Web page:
Lasting scars of Syria's assault on Baba Amr
One year ago this month, the Syrian army launched one of the most intense assaults of the conflict, with the bombardment of the Baba Amr district of Homs. The operation was meant to crush the rebel Free Syrian Army there, but thousands of civilians bore the brunt of the attack which lasted for more than three weeks.
The BBC's Paul Wood, who was one of the few foreign journalists in Baba Amr at the time, visited refugees who fled the siege which came to be seen as a turning point in the war.
"Freedom isn't worth this," said a woman quietly, peering out through the steady rain at refugee children jumping over puddles in the Lebanese border town of Arsal.
Living in freezing "temporary" shelters of breeze block and tin, or squeezing several families into one borrowed room, thousands of Syrians are now entering their second year as refugees here.
Some are from Baba Amr in Homs. A small enclave of defiance, it briefly came to exemplify the hopes of the revolution. But Baba Amr was crushed in 25 days of shelling that began in February 2012.
I was there during the assault, part of a small BBC team. At the time, everyone in Baba Amr told us they were convinced the bombardment would bring help from the outside world.
Omar Shakir, an activist in the Baba Amr media centre, now a refugee in the Lebanese city of Tripoli, remembers the mood of optimism, even as the shells were falling.
"After a few days of the [military] campaign, we made a plan. We wrote it on our board. We wrote at the end of it that Baba Amr will bring down Assad. We thought that the media will bring a live stream and… Nato will immediately come and destroy all the regime's rocket launchers. All of the people thought the same."
Lack of help
That belief evaporated when Baba Amr fell - leaving behind bitterness and anger among the refugees who fled from there.
"The whole world watched while we were butchered," said Ahmed Idriss, an aid worker in Arsal and a refugee himself.
"Of course, we blame the international community for that. But it doesn't really matter now: we don't expect help from them any longer. Now we put our faith in God and in the Free Syrian Army [FSA]."
The FSA in Baba Amr had only Kalashnikovs, while the government was able to rain down shells and mortars and finally sent in tanks.
The FSA staged what they called a "tactical withdrawal". Some residents of Baba Amr accused the rebels of picking a fight they could not win, saying many lives would have been spared if they had left at the start.
Taking the opposite view, some activists there were angry at the FSA for fleeing, believing that, even without Nato, continued defiance in Baba Amr - however high the cost - might have spelt the end of the Assad regime.
It was a one-sided battle. The shelling would start at 6am and continue until dusk without pause. It was so bad, they had to steal out at night to bury their dead.
If people tried to leave the area, they were shot at by snipers. We spent several hours at the makeshift hospital, run by volunteers without surgical training.
Mortars fell in the street outside as women screamed in the corridor. An 11-year-old boy was brought in, his jaw torn off in an explosion, everything below the nose just bloody shreds. He was conscious and looked up at us, stunned. He died the next day.
Baba Amr's defence was led by Captain Mohammed Idriss of the FSA's Farooq Brigade [a cousin of the refugee worker in Arsal].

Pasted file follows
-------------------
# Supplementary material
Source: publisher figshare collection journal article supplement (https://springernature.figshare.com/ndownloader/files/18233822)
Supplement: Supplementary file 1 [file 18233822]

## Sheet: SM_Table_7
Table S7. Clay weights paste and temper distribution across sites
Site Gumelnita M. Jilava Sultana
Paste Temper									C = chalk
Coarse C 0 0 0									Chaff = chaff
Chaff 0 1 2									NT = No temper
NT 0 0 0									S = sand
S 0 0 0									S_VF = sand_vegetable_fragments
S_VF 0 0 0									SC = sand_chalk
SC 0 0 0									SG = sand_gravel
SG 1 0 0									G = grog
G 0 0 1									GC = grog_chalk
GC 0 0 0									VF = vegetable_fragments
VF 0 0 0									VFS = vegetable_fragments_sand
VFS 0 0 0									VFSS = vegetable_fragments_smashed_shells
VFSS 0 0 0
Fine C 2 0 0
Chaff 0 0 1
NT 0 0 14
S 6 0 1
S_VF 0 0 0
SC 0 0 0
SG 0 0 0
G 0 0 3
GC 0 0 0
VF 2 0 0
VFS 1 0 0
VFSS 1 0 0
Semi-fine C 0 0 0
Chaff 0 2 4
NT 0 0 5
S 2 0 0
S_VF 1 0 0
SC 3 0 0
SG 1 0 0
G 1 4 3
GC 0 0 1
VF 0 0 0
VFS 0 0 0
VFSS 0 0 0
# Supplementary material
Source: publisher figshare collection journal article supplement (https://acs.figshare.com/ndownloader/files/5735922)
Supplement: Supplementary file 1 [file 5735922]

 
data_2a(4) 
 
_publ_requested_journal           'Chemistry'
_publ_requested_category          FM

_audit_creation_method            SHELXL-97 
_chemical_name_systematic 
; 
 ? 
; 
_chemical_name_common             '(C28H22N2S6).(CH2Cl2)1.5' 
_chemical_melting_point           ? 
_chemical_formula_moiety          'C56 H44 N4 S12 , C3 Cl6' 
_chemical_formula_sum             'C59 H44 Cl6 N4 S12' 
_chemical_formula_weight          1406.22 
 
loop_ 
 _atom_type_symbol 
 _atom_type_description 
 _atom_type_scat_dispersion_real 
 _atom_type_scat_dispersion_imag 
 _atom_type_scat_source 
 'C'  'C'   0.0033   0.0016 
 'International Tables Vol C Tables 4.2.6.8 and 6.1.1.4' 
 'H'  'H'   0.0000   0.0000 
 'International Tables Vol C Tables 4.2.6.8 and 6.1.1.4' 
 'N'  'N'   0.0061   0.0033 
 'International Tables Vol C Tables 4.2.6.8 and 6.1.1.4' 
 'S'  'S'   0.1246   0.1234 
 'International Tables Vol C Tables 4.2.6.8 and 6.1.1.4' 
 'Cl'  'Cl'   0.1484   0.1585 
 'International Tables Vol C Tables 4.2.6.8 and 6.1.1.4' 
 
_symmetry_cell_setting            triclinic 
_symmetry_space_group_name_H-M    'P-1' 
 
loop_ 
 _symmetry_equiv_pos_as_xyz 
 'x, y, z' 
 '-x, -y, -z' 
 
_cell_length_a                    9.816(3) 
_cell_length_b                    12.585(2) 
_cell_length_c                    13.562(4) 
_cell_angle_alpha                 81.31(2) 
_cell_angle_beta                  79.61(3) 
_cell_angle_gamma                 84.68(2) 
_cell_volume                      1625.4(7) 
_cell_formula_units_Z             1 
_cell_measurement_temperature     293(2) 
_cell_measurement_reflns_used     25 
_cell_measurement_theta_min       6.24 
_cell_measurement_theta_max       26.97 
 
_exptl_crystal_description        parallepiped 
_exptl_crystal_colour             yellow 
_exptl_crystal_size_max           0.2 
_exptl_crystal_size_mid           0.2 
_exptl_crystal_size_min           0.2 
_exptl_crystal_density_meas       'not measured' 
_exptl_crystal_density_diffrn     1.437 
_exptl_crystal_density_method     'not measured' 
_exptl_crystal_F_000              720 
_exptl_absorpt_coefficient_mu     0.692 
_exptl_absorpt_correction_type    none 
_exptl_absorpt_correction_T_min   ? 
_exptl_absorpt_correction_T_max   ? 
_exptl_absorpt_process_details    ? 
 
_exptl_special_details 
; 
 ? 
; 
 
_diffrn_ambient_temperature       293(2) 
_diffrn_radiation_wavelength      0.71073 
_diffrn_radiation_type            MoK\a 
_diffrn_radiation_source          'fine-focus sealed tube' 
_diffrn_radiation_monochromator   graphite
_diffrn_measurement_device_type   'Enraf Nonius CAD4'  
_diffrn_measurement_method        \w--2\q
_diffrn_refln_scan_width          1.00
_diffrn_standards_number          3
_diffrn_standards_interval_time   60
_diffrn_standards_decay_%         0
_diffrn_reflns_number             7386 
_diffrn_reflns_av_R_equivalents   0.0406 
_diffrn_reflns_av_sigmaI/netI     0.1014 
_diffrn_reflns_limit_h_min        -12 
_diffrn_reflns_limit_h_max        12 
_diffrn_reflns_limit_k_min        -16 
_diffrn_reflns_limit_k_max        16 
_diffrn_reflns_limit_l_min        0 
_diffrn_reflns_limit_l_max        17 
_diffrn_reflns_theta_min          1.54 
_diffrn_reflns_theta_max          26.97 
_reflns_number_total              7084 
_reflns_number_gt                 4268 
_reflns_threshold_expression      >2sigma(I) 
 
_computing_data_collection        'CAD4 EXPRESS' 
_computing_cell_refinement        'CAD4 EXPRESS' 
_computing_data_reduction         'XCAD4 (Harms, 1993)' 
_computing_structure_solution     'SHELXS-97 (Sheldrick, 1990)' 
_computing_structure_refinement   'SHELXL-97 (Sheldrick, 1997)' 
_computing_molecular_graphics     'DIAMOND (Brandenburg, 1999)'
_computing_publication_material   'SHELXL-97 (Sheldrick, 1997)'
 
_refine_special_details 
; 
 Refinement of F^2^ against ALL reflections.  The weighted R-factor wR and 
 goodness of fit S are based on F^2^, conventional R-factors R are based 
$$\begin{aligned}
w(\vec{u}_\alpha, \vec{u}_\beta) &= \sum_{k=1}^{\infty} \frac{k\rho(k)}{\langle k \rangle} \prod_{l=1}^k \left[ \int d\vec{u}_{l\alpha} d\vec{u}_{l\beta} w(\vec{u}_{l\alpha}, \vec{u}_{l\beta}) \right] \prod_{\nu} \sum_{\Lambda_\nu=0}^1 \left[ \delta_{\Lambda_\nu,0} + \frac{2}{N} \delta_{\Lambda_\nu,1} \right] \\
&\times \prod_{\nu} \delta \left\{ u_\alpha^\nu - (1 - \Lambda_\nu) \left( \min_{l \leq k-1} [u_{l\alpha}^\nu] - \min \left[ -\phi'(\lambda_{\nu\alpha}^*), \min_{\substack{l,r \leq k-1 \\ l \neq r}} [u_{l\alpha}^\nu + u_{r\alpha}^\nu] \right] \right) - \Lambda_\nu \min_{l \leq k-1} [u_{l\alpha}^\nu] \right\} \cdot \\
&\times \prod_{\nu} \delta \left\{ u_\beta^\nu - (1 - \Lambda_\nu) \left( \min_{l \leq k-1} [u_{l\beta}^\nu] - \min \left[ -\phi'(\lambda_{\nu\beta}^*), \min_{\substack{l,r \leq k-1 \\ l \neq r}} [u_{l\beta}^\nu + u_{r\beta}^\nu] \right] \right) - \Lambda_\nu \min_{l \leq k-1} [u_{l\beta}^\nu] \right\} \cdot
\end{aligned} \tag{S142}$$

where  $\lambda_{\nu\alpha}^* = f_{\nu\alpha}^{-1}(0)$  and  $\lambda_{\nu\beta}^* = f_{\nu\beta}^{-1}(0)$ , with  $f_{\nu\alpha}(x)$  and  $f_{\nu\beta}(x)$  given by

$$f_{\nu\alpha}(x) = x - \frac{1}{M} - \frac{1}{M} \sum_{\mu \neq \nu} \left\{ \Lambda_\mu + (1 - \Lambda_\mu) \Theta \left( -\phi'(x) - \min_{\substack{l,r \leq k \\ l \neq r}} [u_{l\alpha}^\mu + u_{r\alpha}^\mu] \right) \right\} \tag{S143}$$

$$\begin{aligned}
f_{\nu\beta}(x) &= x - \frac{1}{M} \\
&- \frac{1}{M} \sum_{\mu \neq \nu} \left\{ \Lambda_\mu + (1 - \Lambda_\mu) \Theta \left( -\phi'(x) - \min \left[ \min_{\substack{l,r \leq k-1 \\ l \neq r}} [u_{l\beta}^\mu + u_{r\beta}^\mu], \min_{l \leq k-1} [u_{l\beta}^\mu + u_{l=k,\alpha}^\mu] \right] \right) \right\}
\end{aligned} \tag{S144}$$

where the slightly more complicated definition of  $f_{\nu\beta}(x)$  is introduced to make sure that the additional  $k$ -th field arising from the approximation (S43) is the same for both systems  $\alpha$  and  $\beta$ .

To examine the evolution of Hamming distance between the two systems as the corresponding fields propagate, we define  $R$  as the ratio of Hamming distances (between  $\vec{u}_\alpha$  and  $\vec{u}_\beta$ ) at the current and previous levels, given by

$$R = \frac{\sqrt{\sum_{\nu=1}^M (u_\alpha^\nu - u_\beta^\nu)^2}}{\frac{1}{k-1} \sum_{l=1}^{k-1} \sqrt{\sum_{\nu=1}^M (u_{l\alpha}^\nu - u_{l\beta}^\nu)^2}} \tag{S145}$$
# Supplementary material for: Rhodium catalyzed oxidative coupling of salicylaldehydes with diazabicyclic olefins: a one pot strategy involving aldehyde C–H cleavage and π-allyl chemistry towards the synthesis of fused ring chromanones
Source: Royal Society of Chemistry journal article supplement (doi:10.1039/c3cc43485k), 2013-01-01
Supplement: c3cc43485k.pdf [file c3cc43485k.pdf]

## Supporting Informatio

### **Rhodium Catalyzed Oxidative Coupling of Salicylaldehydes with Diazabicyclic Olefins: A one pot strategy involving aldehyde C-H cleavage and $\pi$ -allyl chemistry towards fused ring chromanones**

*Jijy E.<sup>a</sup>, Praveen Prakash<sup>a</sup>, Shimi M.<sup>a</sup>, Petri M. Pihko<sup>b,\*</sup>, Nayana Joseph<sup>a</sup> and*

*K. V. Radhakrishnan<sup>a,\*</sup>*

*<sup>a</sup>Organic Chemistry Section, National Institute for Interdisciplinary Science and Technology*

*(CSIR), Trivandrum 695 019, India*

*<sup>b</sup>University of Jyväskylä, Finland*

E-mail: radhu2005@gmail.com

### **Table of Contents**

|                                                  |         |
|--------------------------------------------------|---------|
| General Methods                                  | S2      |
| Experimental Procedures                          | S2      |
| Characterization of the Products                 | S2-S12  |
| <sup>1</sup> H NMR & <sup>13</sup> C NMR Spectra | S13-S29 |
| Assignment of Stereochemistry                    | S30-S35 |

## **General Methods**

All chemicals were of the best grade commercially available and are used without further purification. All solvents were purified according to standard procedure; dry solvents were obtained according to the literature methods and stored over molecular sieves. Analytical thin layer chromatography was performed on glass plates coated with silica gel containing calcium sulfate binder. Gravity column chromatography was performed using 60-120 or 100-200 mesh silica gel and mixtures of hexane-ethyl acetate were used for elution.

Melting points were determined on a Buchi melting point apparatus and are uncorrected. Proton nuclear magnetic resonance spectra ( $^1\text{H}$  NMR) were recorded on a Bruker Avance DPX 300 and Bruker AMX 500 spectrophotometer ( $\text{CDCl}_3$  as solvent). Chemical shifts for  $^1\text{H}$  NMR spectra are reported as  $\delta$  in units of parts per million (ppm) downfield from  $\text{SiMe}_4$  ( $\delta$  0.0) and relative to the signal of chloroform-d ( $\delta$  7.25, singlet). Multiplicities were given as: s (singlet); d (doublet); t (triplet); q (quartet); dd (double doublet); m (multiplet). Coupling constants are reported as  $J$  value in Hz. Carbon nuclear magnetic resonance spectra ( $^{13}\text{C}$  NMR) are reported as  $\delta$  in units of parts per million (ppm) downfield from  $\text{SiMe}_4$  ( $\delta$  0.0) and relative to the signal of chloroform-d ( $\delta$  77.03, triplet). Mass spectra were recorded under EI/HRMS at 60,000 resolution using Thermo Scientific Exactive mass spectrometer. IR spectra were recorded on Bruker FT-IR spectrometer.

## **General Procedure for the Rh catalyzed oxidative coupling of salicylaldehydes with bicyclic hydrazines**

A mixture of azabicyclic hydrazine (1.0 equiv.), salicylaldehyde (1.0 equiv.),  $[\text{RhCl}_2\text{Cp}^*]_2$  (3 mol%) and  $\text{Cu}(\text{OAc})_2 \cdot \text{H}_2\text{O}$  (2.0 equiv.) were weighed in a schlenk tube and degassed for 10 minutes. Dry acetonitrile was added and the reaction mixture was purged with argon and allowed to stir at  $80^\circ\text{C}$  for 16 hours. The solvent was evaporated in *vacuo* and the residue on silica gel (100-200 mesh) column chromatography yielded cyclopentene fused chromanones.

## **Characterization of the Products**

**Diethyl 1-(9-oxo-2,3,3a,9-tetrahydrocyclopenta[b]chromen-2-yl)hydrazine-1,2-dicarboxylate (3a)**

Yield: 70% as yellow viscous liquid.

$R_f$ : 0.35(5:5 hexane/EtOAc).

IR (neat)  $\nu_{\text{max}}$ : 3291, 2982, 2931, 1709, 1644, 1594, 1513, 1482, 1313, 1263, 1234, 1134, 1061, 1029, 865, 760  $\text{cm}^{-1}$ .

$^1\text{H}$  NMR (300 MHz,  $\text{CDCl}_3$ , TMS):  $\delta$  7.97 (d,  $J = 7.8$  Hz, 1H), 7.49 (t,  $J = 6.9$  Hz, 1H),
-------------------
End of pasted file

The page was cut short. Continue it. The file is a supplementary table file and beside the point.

"They are killing civilians because they can't get to us," he told me during the bombardment last February.
Capt Idriss had been an instructor at the Syrian army's infantry school in Homs. He had defected to the FSA only two months earlier. He escaped Baba Amr but was killed by a shell several months later, as he went to help an injured man in the street.
I met his parents, also refugees in Arsal. "We tried to delay it as any parent would, hoping things might be resolved," said Atif Idriss of his son's decision to join the rebels.
"But he just couldn't take what was being done to our people." As Mr Idriss spoke, his wife sat beside him, silently weeping.
He went on: "We have paid a high price for freedom but freedom doesn't come cheap. We accept our fate. We are confident of victory."
Capt Idriss's cousin, Ahmed - the aid worker - told me that death had become normal, every day.
"Before the revolution, villages grieved for a month [if they lost someone]. Now it's… just hours," he said. "People are becoming more religious, too. We see the hand of God in what is happening and we accept that sacrifices will have to be made. We have faith."
With the bitterness I had heard from many refugees, he continued: "It's obvious that the FSA is receiving almost nothing from outside. It's as if the international community wants to prolong the conflict, to weaken and destroy the country."
He added: "Our people are ready for everything and anything. It has been two years [of war] and they are ready for another two years. Even more."
Over those past two years, at least 60,000 people have been killed in Syria, some two-and-a-half million displaced.
Though it might not have seemed so at the time, the fall of Baba Amr was a turning point. Baba Amr became a rallying cry. Thousands joined the armed uprising. More and more rebel groups sprang up. One, in Idlib, was even called the Revenge for Baba Amr Brigade.
Syria lurched deeper into today's civil war. The activists hope that - costly and bloody as that civil war is - it will have only one conclusion, the end of the regime.
Omar Shakir recalls: "When Baba Amr fell, there were demonstrations all over Syria. Finally, people understood that this regime will never go in a peaceful way, without fighting… We changed the course of the revolution."